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How Indian Educators Are Teaching Students Amid the Coronavirus Shut Down

A close-up of two girls in pigtails and in red and white school uniforms studying together in class.
Students across different pockets of India are being encouraged to embrace remote learning amid the Covid-19 outbreak. Photos courtesy: Teach for India

Education

How Indian Educators Are Teaching Students Amid the Coronavirus Shut Down

‘We are using the time to step back and think about our own capacities as teachers.’

As updates continue to break on COVID-19 or novel coronavirus, schools across the world have closed their doors as a safety measure. According to the U.N., an estimated 363 million students are currently feeling the brunt of school closures. This means one in five kids is currently out of school: an unprecedented educational conundrum amid a growing health crisis.

Schools in India, like their counterparts in other countries, have followed suit by temporarily suspending classes in a bid to control the outbreak. The Indian government announced a lockdown of schools, colleges and public spaces this week. The move is in line with previous trends during health emergencies such as the influenza pandemic in 1918.

A candid shot of students dressed in red and blue uniforms studying together.

Post school closures amid the coronavirus outbreak, teachers and students are coming up with innovative remote learning solutions to cope.

A 2007 study published by the Journal of the American Medical Association (JAMA) focused on the 1918 pandemic particularly from the perspective of implementing non pharmaceutical measures to contain the virus. It found that early interventions such as keeping schools shut for extended periods were instrumental in decreasing mortality rates. This means that while experts globally race to find a way to mitigate the existing pandemic, closing down educational institutions and avoiding mass public gatherings may help prevent further damage.

“We are entering uncharted territory.”

However, this also poses an important question: how can educators and students stay on track while away from school? Groups such as UNESCO are acknowledging these educational challenges. “We are entering uncharted territory and working with countries to find hi-tech, low-tech and no-tech solutions to assure the continuity of learning,” Audrey Azoulay, UNESCO’s director-general, said in a statement. “As countries try to prepare their response, international cooperation is vital to share the most effective approaches and support students, teachers and families.”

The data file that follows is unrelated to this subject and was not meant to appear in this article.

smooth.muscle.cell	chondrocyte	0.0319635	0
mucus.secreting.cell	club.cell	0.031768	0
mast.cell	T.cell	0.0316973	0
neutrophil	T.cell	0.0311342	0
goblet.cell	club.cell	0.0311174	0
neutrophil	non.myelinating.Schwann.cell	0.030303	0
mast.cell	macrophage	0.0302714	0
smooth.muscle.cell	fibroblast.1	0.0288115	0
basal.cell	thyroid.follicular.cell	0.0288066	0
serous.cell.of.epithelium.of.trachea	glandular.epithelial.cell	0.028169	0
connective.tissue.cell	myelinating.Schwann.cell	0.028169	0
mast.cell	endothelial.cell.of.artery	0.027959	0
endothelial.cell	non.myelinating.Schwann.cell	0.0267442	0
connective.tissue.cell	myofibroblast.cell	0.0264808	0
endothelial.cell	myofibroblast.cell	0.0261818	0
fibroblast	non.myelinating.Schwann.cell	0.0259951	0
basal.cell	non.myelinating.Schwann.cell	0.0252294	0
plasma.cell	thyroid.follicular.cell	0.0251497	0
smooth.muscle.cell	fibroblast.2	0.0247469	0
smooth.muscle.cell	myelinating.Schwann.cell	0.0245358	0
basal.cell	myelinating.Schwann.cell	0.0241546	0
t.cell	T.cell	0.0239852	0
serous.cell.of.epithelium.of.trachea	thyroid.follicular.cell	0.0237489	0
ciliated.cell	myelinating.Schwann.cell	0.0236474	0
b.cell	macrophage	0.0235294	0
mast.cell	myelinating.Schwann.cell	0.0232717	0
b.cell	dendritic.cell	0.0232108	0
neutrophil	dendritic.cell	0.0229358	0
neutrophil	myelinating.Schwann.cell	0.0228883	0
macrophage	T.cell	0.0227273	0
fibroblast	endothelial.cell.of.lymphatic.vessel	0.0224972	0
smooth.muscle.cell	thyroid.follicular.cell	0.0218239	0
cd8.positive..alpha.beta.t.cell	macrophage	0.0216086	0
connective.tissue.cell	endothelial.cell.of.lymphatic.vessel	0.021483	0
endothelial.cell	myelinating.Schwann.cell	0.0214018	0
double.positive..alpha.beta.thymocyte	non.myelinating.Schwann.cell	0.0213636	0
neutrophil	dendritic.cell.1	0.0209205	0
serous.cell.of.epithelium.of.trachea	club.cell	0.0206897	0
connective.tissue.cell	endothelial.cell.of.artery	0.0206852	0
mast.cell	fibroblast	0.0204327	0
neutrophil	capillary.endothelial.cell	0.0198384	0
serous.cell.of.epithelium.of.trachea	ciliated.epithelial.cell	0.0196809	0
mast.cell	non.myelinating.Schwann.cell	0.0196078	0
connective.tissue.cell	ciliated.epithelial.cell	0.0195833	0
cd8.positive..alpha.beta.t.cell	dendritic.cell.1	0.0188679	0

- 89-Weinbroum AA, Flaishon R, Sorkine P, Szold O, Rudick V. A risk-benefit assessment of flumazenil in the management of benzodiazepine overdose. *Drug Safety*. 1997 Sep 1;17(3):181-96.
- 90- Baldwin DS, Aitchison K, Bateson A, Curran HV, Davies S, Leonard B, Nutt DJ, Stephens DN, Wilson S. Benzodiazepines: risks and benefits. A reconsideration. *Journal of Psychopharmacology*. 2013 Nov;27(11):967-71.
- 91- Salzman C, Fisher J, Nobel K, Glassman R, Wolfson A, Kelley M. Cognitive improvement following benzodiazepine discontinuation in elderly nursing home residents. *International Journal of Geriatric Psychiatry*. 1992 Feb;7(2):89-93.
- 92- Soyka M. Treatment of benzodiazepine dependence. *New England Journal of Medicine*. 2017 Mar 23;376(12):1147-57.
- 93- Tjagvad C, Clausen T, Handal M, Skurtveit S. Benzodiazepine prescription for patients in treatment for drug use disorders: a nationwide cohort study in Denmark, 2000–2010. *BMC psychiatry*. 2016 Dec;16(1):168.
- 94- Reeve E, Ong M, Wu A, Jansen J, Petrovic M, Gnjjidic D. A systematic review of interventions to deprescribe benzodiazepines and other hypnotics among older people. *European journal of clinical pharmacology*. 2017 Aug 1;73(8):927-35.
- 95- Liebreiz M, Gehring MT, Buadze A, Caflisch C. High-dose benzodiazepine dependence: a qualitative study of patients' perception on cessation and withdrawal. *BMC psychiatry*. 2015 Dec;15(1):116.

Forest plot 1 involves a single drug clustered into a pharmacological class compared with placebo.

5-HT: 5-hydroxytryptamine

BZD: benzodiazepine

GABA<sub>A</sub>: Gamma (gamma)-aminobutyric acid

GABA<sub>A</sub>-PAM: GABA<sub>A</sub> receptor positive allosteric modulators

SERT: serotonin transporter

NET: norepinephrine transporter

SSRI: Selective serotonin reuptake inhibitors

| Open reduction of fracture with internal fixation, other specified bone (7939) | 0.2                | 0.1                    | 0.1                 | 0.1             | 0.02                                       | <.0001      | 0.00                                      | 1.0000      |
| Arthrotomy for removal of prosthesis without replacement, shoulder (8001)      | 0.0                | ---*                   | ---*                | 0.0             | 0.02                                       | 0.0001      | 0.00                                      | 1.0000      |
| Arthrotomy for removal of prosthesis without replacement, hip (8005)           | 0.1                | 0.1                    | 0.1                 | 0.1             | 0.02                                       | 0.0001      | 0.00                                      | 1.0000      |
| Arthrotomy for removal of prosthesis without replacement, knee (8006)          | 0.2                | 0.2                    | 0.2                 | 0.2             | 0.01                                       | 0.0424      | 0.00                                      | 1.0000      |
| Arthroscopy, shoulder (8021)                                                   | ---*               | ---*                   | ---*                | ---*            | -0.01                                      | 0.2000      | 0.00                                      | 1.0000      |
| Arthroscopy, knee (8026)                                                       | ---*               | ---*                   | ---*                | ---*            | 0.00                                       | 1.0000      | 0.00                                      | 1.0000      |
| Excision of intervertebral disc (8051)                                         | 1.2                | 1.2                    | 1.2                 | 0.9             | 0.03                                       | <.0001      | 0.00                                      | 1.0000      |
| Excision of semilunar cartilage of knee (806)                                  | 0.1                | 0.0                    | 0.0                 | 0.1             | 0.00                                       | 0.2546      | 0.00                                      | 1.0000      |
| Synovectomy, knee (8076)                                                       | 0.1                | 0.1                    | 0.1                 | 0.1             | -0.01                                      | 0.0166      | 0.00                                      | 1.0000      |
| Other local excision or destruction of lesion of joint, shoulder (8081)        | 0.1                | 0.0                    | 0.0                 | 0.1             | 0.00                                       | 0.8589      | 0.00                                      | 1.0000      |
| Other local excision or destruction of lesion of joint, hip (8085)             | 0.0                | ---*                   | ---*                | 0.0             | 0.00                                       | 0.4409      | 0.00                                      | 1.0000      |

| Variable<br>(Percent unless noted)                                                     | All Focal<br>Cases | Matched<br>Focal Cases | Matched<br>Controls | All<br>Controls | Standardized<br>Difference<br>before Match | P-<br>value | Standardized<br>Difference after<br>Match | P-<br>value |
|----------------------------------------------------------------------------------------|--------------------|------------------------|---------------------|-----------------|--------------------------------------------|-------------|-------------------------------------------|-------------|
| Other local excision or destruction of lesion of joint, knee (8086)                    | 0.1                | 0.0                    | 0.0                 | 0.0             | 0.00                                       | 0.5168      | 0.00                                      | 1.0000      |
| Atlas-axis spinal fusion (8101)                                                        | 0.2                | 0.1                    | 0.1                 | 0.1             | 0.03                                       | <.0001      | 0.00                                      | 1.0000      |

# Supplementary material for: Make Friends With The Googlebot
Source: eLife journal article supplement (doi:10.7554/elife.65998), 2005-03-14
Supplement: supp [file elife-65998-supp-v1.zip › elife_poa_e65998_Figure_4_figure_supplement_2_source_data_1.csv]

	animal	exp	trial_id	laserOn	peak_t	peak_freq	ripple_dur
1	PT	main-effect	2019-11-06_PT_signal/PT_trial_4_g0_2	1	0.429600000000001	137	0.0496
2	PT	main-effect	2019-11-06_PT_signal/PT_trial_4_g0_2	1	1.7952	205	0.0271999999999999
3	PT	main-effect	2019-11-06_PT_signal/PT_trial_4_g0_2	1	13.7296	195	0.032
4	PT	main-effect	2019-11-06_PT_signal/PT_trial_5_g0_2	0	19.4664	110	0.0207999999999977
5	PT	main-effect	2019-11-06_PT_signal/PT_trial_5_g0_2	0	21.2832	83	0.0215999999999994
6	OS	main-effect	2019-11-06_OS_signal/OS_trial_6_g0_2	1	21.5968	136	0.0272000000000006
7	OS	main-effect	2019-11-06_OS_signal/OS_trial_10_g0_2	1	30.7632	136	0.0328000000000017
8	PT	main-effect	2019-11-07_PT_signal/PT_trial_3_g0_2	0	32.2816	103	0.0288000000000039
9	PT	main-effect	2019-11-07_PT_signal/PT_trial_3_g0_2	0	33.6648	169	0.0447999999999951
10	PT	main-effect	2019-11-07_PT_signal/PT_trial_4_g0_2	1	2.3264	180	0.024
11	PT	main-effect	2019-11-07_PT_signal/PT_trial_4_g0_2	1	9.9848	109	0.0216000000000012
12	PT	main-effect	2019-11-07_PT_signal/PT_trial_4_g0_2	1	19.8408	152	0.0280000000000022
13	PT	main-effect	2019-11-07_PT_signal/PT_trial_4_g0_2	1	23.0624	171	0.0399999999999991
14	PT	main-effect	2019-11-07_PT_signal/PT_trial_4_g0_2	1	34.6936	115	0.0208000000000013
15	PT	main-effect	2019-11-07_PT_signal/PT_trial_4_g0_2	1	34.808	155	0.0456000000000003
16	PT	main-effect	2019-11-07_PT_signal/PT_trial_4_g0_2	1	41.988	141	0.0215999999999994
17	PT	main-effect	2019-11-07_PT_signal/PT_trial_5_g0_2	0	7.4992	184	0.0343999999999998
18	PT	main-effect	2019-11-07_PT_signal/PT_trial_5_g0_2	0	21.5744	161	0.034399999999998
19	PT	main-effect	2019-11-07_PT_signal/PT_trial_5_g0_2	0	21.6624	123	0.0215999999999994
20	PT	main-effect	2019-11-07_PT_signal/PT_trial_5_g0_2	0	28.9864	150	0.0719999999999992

Also read: Coronavirus Is Impacting Mid-Day Meal Consumption in Delhi


Organizations such as non-profit group, Teach for India, are stepping up to bridge the education gap by connecting their fellows and teachers placed across different underprivileged communities with remote learning tools. A list of free online teaching resources has been shared with fellows who are looking for solutions. “Some very innovative things are emerging,” Abhik Bhattacherji, director of marketing and communication at Teach for India, told Re:Set. 

“What we’re encouraging fellows to do is to start planning…we’re having learning circles and Google Hangout [sessions]…we are using the time to step back and think about our own capacities as teachers.” 

A photo of students in a vibrant Teach for India classroom interacting with their teacher.

Fellows and teachers from Teach for India are coordinating with each other and their students through video calls, online lesson plans and WhatsApp groups.

The team is also preparing learning depositories while keeping their students updated about study schedules and the way forward. When asked about whether access to the internet and technology is a roadblock for students, Bhattacherji said that big Indian cities don’t pose that problem anymore. “You’ll be really surprised to know that a lot of children do have the internet at home,” he said. “What we’re seeing is innovation around [education and things like] how to complete something online and send it to the teachers for correction. Children are so excited [to try new things].”

They’re also helping kids understand what a pandemic is and its impact on society. Fellows are being encouraged to share the right resources while sensitizing students to the issue and teaching them to follow advisories from experts. “What we’re seeing is the entire community coming together and thinking about what it means to continue [learning] despite all of this,” Bhattacherji reflected. “As the months go by, we’re really going to be putting together our heads and figuring all of this out.”

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